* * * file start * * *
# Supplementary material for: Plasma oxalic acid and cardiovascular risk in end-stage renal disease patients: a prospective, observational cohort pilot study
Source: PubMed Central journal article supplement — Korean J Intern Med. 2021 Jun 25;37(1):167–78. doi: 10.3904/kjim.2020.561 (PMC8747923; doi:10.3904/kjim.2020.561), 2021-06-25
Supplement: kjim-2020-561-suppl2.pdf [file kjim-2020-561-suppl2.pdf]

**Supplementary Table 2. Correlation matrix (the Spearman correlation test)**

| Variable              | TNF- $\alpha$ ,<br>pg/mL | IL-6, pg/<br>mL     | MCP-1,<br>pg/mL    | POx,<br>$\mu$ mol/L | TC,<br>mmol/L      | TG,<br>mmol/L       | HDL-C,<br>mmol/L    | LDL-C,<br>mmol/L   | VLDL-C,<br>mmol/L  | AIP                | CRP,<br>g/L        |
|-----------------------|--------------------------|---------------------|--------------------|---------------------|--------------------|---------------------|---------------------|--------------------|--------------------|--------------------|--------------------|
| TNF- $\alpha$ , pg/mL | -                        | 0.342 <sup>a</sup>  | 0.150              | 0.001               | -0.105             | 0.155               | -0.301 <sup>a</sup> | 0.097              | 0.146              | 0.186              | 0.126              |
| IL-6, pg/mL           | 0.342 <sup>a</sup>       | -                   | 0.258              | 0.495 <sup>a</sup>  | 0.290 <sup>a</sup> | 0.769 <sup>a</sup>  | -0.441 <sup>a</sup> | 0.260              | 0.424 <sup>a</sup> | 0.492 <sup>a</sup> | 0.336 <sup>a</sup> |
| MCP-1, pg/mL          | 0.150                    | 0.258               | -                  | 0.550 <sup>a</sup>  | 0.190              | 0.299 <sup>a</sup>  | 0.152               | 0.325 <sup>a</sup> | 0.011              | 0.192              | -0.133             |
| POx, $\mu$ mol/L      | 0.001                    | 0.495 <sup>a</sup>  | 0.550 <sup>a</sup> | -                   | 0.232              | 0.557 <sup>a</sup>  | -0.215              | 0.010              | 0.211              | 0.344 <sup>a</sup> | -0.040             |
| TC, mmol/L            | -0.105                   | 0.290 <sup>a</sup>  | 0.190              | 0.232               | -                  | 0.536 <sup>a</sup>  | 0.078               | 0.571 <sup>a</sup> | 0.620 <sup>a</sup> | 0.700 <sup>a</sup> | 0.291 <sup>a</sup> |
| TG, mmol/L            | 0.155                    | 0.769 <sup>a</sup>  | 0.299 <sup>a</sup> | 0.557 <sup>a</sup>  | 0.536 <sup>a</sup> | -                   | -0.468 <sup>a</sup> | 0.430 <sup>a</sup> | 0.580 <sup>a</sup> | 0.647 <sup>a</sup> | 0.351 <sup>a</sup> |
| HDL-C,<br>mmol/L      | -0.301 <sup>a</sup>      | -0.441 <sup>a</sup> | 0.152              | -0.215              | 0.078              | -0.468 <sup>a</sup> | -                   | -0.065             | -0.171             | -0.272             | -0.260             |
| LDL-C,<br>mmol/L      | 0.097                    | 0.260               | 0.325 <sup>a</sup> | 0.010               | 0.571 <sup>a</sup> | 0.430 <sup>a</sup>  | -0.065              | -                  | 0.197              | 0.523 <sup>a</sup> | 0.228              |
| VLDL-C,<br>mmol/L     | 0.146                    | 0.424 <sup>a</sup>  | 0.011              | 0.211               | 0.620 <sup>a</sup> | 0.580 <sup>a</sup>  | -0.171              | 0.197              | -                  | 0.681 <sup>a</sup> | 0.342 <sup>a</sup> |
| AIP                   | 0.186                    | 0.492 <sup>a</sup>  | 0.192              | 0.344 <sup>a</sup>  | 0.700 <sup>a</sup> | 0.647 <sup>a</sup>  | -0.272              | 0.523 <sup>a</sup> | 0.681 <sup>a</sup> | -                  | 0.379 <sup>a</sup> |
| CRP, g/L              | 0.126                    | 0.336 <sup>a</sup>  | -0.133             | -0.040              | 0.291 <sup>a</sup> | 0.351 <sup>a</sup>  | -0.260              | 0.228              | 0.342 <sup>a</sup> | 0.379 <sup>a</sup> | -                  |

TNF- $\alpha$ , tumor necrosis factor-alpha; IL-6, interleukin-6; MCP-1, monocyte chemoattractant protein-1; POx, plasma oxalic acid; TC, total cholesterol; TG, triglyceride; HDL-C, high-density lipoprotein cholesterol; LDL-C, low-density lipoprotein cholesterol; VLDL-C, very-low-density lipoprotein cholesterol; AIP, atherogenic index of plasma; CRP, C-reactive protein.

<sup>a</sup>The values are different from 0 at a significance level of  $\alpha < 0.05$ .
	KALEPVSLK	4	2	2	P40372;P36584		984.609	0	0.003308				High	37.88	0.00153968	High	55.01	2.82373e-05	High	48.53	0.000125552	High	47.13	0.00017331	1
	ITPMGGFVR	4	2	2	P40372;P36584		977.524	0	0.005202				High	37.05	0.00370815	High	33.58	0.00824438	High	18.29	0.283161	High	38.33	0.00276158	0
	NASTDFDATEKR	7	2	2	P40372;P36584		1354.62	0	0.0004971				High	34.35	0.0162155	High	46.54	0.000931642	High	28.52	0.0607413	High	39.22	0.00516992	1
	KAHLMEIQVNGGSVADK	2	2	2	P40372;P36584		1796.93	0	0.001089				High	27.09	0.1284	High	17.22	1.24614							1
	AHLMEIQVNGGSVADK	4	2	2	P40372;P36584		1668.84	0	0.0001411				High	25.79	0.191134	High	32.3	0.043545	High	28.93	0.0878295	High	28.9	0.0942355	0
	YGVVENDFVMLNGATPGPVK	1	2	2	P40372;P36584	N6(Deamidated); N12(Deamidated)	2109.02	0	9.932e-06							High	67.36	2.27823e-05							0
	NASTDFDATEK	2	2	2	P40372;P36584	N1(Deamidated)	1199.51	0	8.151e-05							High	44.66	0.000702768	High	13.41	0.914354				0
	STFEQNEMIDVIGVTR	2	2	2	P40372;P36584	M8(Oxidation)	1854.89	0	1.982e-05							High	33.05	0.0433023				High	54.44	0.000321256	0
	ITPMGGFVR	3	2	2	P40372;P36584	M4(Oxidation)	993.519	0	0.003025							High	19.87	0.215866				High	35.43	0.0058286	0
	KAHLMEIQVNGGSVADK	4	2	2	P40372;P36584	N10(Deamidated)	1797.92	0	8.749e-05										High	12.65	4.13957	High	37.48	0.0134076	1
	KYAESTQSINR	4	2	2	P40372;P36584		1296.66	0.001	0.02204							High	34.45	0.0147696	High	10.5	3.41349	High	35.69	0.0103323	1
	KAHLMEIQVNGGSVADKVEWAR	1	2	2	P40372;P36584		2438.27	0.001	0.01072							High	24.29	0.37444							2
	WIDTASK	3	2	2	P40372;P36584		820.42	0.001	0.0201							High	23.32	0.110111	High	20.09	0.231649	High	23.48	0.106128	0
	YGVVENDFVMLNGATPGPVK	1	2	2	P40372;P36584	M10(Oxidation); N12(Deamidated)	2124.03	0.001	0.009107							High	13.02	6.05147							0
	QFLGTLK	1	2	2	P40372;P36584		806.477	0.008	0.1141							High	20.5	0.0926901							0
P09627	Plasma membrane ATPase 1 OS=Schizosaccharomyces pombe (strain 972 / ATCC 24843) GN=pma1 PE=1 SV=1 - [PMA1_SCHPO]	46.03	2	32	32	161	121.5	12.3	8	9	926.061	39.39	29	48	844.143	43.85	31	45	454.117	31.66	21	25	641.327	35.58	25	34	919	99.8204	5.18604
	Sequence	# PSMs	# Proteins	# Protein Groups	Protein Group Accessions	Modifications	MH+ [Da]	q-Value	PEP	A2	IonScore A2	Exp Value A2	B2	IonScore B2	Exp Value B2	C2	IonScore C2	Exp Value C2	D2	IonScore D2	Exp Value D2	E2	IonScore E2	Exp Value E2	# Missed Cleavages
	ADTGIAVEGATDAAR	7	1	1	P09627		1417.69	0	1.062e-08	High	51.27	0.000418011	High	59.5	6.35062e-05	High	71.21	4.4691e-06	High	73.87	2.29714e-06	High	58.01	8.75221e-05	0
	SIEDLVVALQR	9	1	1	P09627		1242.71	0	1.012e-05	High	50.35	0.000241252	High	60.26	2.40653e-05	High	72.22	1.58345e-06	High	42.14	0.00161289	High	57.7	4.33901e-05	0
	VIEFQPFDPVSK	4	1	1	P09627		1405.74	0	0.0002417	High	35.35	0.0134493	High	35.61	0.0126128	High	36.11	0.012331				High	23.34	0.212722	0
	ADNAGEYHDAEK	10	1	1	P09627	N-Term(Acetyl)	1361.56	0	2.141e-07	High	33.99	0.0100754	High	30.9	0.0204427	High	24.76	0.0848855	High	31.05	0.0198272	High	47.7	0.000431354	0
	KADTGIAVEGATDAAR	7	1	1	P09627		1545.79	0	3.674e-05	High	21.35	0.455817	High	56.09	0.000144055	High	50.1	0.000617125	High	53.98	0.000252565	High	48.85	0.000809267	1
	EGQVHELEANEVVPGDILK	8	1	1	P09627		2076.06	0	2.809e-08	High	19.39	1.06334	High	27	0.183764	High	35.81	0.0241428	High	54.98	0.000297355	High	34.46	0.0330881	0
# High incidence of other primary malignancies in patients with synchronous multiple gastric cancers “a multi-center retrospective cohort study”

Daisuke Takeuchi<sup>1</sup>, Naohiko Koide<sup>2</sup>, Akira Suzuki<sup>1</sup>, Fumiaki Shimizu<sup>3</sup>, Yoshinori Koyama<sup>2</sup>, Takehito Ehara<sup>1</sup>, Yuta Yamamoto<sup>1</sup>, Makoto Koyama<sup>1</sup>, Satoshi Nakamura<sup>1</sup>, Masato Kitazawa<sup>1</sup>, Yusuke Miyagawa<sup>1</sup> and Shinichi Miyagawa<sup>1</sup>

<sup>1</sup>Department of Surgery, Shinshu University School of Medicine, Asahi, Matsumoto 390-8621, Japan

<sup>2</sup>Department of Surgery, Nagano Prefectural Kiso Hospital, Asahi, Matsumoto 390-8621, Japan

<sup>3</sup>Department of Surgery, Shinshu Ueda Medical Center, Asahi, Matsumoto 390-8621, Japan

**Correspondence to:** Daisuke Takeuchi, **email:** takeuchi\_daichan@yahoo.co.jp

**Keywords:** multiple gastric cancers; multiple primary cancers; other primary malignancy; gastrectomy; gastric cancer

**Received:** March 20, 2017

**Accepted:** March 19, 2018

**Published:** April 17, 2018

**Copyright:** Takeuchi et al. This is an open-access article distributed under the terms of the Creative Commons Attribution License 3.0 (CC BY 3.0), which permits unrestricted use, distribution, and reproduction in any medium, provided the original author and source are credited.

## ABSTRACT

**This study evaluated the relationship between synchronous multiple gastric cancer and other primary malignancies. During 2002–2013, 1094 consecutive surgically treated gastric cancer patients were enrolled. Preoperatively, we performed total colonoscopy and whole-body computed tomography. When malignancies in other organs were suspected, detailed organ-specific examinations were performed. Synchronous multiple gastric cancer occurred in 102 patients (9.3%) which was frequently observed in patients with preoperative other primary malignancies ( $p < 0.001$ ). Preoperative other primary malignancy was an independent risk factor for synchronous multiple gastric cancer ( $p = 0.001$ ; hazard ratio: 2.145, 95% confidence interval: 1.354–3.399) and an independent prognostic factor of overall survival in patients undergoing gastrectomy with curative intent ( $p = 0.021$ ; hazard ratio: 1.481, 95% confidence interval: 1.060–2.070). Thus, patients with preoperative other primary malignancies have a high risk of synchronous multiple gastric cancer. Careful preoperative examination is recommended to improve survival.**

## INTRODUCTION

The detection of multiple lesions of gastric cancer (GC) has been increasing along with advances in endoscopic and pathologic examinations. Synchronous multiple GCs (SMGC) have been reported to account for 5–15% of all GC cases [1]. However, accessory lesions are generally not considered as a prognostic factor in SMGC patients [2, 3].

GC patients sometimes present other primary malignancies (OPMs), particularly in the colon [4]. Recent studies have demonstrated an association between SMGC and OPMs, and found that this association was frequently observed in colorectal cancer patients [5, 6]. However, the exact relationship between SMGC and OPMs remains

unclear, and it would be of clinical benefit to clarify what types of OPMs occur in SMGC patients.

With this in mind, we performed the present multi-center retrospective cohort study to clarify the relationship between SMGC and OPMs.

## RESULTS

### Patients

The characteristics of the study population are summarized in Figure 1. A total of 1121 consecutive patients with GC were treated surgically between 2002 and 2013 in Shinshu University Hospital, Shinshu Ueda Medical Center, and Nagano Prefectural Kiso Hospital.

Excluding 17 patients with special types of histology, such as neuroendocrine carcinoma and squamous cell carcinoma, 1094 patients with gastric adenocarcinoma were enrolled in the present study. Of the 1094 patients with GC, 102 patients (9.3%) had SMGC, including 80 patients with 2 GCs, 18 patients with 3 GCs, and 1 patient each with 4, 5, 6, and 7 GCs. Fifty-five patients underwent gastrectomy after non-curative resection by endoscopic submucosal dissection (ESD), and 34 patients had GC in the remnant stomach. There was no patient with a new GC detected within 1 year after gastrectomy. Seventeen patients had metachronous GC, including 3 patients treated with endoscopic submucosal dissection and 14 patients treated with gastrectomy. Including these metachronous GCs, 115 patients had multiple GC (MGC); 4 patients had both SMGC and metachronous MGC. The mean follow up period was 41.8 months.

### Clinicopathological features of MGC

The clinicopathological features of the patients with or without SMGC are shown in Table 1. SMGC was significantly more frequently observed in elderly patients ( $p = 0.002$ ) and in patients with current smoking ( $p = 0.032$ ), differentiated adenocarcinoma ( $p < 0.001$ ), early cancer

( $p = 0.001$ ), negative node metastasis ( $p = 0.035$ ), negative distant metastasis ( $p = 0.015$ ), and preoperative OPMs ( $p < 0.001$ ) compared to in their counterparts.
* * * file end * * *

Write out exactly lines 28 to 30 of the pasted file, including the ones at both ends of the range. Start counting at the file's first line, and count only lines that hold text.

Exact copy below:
	ITPMGGFVR	3	2	2	P40372;P36584	M4(Oxidation)	993.519	0	0.003025							High	19.87	0.215866				High	35.43	0.0058286	0
	KAHLMEIQVNGGSVADK	4	2	2	P40372;P36584	N10(Deamidated)	1797.92	0	8.749e-05										High	12.65	4.13957	High	37.48	0.0134076	1
	KYAESTQSINR	4	2	2	P40372;P36584		1296.66	0.001	0.02204							High	34.45	0.0147696	High	10.5	3.41349	High	35.69	0.0103323	1